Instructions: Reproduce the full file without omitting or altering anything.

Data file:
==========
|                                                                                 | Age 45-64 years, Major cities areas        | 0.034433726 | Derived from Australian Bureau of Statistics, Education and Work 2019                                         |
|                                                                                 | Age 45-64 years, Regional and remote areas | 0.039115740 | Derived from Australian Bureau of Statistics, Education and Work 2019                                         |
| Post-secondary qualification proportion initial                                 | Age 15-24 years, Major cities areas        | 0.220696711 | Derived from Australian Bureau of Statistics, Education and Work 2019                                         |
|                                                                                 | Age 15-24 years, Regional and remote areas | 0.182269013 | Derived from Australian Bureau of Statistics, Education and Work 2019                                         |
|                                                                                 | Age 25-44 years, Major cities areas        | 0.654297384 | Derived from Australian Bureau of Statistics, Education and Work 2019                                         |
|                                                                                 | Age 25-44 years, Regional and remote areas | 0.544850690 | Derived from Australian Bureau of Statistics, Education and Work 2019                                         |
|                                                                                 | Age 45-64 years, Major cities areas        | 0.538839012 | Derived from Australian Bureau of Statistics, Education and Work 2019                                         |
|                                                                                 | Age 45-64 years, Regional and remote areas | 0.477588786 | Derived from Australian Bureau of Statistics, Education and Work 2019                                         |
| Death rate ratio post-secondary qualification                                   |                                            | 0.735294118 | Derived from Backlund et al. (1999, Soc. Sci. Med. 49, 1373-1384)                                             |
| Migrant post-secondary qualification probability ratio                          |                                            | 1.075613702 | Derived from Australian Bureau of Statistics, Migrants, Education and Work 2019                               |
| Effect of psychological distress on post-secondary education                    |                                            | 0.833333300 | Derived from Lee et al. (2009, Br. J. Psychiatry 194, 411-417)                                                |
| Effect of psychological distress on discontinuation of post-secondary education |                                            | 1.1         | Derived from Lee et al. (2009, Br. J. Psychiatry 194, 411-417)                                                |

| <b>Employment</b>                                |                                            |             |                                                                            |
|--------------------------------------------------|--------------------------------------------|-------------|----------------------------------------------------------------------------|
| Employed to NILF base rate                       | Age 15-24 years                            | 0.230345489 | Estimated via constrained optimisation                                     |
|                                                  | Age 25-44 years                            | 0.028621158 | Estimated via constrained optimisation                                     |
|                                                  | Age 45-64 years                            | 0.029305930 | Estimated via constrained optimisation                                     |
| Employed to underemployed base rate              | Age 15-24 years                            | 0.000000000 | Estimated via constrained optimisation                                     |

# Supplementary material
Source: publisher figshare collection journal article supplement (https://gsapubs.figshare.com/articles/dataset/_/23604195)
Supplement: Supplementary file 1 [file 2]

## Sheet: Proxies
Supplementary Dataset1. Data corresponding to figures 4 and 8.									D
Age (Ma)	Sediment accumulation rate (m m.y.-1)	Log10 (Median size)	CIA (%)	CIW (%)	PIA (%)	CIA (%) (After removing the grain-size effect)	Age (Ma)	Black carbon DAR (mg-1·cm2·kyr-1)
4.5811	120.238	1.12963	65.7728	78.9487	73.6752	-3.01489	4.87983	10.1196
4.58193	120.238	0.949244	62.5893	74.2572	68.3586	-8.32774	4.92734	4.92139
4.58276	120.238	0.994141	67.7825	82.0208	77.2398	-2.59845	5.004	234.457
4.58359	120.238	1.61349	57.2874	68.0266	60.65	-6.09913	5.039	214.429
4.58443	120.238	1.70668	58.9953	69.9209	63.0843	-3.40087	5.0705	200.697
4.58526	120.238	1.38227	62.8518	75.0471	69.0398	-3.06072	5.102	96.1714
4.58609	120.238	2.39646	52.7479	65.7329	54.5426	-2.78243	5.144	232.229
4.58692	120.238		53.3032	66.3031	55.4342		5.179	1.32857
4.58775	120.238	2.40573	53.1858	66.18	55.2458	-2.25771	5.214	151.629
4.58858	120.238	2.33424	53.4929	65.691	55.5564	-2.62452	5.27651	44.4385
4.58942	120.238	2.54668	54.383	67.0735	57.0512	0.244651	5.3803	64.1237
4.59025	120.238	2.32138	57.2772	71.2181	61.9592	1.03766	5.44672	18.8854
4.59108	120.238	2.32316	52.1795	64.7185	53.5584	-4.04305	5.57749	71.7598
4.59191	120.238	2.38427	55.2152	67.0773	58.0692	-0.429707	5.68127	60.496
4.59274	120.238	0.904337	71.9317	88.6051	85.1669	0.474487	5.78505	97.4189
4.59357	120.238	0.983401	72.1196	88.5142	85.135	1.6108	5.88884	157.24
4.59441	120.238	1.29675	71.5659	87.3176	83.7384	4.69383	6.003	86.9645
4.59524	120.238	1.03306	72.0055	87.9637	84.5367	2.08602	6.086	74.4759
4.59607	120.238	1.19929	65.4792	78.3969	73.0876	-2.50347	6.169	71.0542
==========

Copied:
|                                                                                 | Age 45-64 years, Major cities areas        | 0.034433726 | Derived from Australian Bureau of Statistics, Education and Work 2019                                         |
|                                                                                 | Age 45-64 years, Regional and remote areas | 0.039115740 | Derived from Australian Bureau of Statistics, Education and Work 2019                                         |
| Post-secondary qualification proportion initial                                 | Age 15-24 years, Major cities areas        | 0.220696711 | Derived from Australian Bureau of Statistics, Education and Work 2019                                         |
|                                                                                 | Age 15-24 years, Regional and remote areas | 0.182269013 | Derived from Australian Bureau of Statistics, Education and Work 2019                                         |
|                                                                                 | Age 25-44 years, Major cities areas        | 0.654297384 | Derived from Australian Bureau of Statistics, Education and Work 2019                                         |
|                                                                                 | Age 25-44 years, Regional and remote areas | 0.544850690 | Derived from Australian Bureau of Statistics, Education and Work 2019                                         |
|                                                                                 | Age 45-64 years, Major cities areas        | 0.538839012 | Derived from Australian Bureau of Statistics, Education and Work 2019                                         |
|                                                                                 | Age 45-64 years, Regional and remote areas | 0.477588786 | Derived from Australian Bureau of Statistics, Education and Work 2019                                         |
| Death rate ratio post-secondary qualification                                   |                                            | 0.735294118 | Derived from Backlund et al. (1999, Soc. Sci. Med. 49, 1373-1384)                                             |
| Migrant post-secondary qualification probability ratio                          |                                            | 1.075613702 | Derived from Australian Bureau of Statistics, Migrants, Education and Work 2019                               |
| Effect of psychological distress on post-secondary education                    |                                            | 0.833333300 | Derived from Lee et al. (2009, Br. J. Psychiatry 194, 411-417)                                                |
| Effect of psychological distress on discontinuation of post-secondary education |                                            | 1.1         | Derived from Lee et al. (2009, Br. J. Psychiatry 194, 411-417)                                                |

| <b>Employment</b>                                |                                            |             |                                                                            |
|--------------------------------------------------|--------------------------------------------|-------------|----------------------------------------------------------------------------|
| Employed to NILF base rate                       | Age 15-24 years                            | 0.230345489 | Estimated via constrained optimisation                                     |
|                                                  | Age 25-44 years                            | 0.028621158 | Estimated via constrained optimisation                                     |
|                                                  | Age 45-64 years                            | 0.029305930 | Estimated via constrained optimisation                                     |
| Employed to underemployed base rate              | Age 15-24 years                            | 0.000000000 | Estimated via constrained optimisation                                     |

# Supplementary material
Source: publisher figshare collection journal article supplement (https://gsapubs.figshare.com/articles/dataset/_/23604195)
Supplement: Supplementary file 1 [file 2]

## Sheet: Proxies
Supplementary Dataset1. Data corresponding to figures 4 and 8.									D
Age (Ma)	Sediment accumulation rate (m m.y.-1)	Log10 (Median size)	CIA (%)	CIW (%)	PIA (%)	CIA (%) (After removing the grain-size effect)	Age (Ma)	Black carbon DAR (mg-1·cm2·kyr-1)
4.5811	120.238	1.12963	65.7728	78.9487	73.6752	-3.01489	4.87983	10.1196
4.58193	120.238	0.949244	62.5893	74.2572	68.3586	-8.32774	4.92734	4.92139
4.58276	120.238	0.994141	67.7825	82.0208	77.2398	-2.59845	5.004	234.457
4.58359	120.238	1.61349	57.2874	68.0266	60.65	-6.09913	5.039	214.429
4.58443	120.238	1.70668	58.9953	69.9209	63.0843	-3.40087	5.0705	200.697
4.58526	120.238	1.38227	62.8518	75.0471	69.0398	-3.06072	5.102	96.1714
4.58609	120.238	2.39646	52.7479	65.7329	54.5426	-2.78243	5.144	232.229
4.58692	120.238		53.3032	66.3031	55.4342		5.179	1.32857
4.58775	120.238	2.40573	53.1858	66.18	55.2458	-2.25771	5.214	151.629
4.58858	120.238	2.33424	53.4929	65.691	55.5564	-2.62452	5.27651	44.4385
4.58942	120.238	2.54668	54.383	67.0735	57.0512	0.244651	5.3803	64.1237
4.59025	120.238	2.32138	57.2772	71.2181	61.9592	1.03766	5.44672	18.8854
4.59108	120.238	2.32316	52.1795	64.7185	53.5584	-4.04305	5.57749	71.7598
4.59191	120.238	2.38427	55.2152	67.0773	58.0692	-0.429707	5.68127	60.496
4.59274	120.238	0.904337	71.9317	88.6051	85.1669	0.474487	5.78505	97.4189
4.59357	120.238	0.983401	72.1196	88.5142	85.135	1.6108	5.88884	157.24
4.59441	120.238	1.29675	71.5659	87.3176	83.7384	4.69383	6.003	86.9645
4.59524	120.238	1.03306	72.0055	87.9637	84.5367	2.08602	6.086	74.4759
4.59607	120.238	1.19929	65.4792	78.3969	73.0876	-2.50347	6.169	71.0542